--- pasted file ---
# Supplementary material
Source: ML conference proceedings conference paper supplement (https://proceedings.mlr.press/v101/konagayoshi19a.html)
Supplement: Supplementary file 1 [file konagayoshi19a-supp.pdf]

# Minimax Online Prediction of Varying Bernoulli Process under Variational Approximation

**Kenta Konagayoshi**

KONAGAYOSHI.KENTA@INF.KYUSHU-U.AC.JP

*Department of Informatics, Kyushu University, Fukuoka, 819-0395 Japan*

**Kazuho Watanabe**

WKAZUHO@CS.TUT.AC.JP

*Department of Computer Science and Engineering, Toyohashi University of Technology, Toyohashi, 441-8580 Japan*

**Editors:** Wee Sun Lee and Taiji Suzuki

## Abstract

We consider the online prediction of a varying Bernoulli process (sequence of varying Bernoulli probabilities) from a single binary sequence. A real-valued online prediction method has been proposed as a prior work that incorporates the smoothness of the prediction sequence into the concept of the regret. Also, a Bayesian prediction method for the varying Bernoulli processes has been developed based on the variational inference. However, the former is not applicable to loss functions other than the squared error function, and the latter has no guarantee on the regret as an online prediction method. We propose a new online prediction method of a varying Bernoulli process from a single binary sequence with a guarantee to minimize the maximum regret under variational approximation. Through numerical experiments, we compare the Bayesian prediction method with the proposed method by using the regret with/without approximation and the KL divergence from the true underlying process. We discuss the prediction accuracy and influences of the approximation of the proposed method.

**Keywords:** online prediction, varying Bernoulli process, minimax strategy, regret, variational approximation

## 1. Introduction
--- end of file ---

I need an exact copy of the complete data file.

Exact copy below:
# Supplementary material
Source: ML conference proceedings conference paper supplement (https://proceedings.mlr.press/v101/konagayoshi19a.html)
Supplement: Supplementary file 1 [file konagayoshi19a-supp.pdf]

# Minimax Online Prediction of Varying Bernoulli Process under Variational Approximation

**Kenta Konagayoshi**

KONAGAYOSHI.KENTA@INF.KYUSHU-U.AC.JP

*Department of Informatics, Kyushu University, Fukuoka, 819-0395 Japan*

**Kazuho Watanabe**

WKAZUHO@CS.TUT.AC.JP

*Department of Computer Science and Engineering, Toyohashi University of Technology, Toyohashi, 441-8580 Japan*

**Editors:** Wee Sun Lee and Taiji Suzuki

## Abstract

We consider the online prediction of a varying Bernoulli process (sequence of varying Bernoulli probabilities) from a single binary sequence. A real-valued online prediction method has been proposed as a prior work that incorporates the smoothness of the prediction sequence into the concept of the regret. Also, a Bayesian prediction method for the varying Bernoulli processes has been developed based on the variational inference. However, the former is not applicable to loss functions other than the squared error function, and the latter has no guarantee on the regret as an online prediction method. We propose a new online prediction method of a varying Bernoulli process from a single binary sequence with a guarantee to minimize the maximum regret under variational approximation. Through numerical experiments, we compare the Bayesian prediction method with the proposed method by using the regret with/without approximation and the KL divergence from the true underlying process. We discuss the prediction accuracy and influences of the approximation of the proposed method.

**Keywords:** online prediction, varying Bernoulli process, minimax strategy, regret, variational approximation

## 1. Introduction